Stress

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  • Created by: alex
  • Created on: 09-03-13 12:05

What is stress?:

Stress - (According to Selye) is the individual’s psychophysiological response, mediated largely by their autonomic nervous system and the endocrine system, to any demand made on the individual.  Stress as a stimulus - the characteristics of an environmental event or situation that causes us stress. Stress as a response - the physiological responses as a result of environmental events or situations. Stress as an interaction - between an individual and his/her environment. We experience stress when we believe we don’t have what is needed to meet the demands of a particular situation.

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The autonomic nervous system (ANS):

  • The autonomic nervous system (ANS):
    • ANS centres are located in the brainstem.
    • from here, ANS pathways run down the spinal cord and throughout the body, therefore, ANS is classified as part of the PNS
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The chronic stress response (HPA pathway):

  • Occurs in response to ongoing stress situations.
  • When stressors are perceived by the higher centres of the brain, a message passes to the hypothalamus.
  • This activates the PVN leading to the production of a chemical messenger (CRF), which is released into the bloodstream.
  • CRF causes the pituitary gland to produce and release ACTH which is transported into the bloodstream to the adrenal glands.
  • Corticosteroids (including cortisol) is released by the adrenal cortex, responsible for stress-related effects on the body (e.g. a quick burst of energy or lower sensitivity to pain (positive) and high blood pressure and lowered immune response (negative).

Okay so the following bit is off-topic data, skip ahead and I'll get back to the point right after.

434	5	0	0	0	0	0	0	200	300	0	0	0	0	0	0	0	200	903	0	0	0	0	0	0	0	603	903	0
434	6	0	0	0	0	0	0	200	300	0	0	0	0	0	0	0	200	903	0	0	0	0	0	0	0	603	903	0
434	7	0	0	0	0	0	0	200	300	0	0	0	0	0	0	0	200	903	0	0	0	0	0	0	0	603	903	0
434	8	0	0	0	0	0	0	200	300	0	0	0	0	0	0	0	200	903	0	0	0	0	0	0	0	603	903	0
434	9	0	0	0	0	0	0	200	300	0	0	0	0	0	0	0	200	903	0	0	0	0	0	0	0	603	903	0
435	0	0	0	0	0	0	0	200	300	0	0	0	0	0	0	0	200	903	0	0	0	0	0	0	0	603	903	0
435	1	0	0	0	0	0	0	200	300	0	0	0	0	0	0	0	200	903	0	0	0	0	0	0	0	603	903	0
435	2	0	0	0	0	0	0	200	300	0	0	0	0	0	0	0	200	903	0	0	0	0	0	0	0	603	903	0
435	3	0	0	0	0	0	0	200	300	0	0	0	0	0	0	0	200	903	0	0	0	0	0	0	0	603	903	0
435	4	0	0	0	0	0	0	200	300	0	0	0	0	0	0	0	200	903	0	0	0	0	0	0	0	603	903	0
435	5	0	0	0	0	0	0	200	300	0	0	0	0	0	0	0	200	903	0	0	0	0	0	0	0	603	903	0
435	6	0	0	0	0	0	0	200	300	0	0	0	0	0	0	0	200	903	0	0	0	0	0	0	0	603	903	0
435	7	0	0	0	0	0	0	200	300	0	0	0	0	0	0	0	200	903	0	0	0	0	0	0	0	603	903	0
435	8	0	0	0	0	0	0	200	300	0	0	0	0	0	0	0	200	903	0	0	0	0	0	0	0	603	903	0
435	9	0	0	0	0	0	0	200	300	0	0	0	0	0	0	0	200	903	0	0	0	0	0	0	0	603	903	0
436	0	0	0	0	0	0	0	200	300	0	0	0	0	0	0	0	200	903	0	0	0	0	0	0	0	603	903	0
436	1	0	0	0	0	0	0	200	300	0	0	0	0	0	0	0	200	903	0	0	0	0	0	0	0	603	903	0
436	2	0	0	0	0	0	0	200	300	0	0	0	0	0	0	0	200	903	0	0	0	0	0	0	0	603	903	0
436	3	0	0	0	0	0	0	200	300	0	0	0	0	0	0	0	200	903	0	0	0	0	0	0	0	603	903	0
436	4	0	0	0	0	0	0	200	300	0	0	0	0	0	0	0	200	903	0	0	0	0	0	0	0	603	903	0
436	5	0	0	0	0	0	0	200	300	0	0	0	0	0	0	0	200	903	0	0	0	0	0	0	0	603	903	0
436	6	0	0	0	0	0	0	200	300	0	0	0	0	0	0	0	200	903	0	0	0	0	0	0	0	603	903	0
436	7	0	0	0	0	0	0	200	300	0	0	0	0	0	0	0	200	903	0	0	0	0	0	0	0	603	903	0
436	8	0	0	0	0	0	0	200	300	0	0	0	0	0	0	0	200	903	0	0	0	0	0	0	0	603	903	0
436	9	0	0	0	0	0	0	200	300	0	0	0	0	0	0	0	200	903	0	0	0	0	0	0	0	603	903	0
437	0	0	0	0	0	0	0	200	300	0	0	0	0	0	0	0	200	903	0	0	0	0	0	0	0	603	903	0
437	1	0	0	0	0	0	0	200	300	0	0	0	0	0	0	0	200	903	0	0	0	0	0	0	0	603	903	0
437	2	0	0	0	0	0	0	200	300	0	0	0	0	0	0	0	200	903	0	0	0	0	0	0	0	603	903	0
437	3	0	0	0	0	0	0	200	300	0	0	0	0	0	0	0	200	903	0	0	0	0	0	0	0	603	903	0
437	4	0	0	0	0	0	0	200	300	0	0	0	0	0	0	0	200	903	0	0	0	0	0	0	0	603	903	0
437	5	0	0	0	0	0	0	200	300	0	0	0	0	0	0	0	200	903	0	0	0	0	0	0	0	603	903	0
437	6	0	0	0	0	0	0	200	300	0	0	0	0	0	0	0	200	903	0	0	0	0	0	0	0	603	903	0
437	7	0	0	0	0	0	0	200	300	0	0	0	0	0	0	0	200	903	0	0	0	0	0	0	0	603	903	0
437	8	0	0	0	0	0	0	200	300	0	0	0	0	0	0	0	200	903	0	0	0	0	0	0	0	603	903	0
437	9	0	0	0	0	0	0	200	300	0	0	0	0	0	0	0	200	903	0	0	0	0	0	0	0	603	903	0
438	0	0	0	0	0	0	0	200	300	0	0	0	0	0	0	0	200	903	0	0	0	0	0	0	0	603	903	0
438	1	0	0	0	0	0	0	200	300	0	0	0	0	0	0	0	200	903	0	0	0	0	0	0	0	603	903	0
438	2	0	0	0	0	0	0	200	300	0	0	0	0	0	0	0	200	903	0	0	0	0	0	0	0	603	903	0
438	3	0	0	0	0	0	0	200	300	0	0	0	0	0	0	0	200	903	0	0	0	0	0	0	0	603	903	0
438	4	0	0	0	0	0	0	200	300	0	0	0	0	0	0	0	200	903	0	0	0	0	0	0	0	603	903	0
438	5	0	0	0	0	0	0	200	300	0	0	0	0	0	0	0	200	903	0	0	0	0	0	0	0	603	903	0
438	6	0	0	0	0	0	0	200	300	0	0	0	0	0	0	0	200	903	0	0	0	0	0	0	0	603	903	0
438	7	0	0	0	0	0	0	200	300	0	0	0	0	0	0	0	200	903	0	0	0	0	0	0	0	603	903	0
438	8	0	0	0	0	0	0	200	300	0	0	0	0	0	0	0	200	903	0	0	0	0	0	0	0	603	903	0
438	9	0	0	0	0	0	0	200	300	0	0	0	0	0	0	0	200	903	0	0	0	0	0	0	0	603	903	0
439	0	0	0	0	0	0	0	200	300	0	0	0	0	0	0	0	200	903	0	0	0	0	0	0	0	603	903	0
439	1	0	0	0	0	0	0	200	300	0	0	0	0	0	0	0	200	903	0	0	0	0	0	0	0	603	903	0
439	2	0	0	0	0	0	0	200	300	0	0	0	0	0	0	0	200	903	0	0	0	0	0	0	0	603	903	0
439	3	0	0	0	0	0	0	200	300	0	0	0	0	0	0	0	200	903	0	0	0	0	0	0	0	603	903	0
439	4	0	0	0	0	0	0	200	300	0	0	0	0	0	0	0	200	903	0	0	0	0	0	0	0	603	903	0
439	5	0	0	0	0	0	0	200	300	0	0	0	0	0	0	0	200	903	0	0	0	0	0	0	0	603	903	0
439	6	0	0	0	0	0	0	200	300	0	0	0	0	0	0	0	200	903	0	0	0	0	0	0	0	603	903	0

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The acute stress response (SAM pathway):

  • When the body is threatened by an immediate danger, higher brain areas (Cortex) detect and perceive something as a stressor
  • this triggers the Hypothalamus, which activates the Sympathetic branch of the ANS, stimulating the Adrenal Medulla
  • this produces two hormones, Adrenaline and Noradrenaline, which cause the Fight or Flight response, which causes bodily changes and has evolved for survival.
    • Bodily changes may include:
    • increase in heart rate (to carry oxygen around the body quicker)
    • increase in blood pressure (veins and arteries narrow so blood pumps faster)
    • an increase in muscle tension (which increases reaction time)
    • the dilation of pupils (helps one to be more aware of one’s surroundings)
  • When there is no longer any danger, adrenaline stops being released and the body slowly returns to normal over the next few minutes.
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General Adaptation Syndrome (GAS): 1

General Adaptation Syndrome (GAS): (Selye)

  • Alarm stage:
    • an individual is confronted with a stressor and signals are sent through the brain to the hypothalamus along two axes:
      • The hypothalamic pituitary axis - releases CRH which in turn releases ACTH which acts upon the adrenal cortex to produce corticosteroids for energy mobilisation
      • The Hypothalamic ANS axis - the autonomic nervous system and this sends signals to the adrenal medulla to produce adrenaline (increases the heart rate and blood pressure) and noradrenaline which constricts the arteries.
    • If danger passes then the body quickly returns to normal.
    • If danger persists then the body goes into resistance stage.
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General Adaptation Syndrome (GAS): 2

  • Resistance stage:
    • The level of stress drops, as a result:
      • The body appears to be coping with the stress.
      • The body repairs damage caused by the alarm response.
      • Adrenaline levels fall back to normal.
      • Our level of arousal is still higher than normal but not as high as in alarm phase.
      • Adrenal glands return to their normal size.
    • If stress disappears the body returns to normal.
    • If stress continues steroids start to interfere with the immune response and we are less able to fight infection.
    • If a second stressor occurs we may become exhausted
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General Adaptation Syndrome (GAS): 3

  • Exhaustion stage: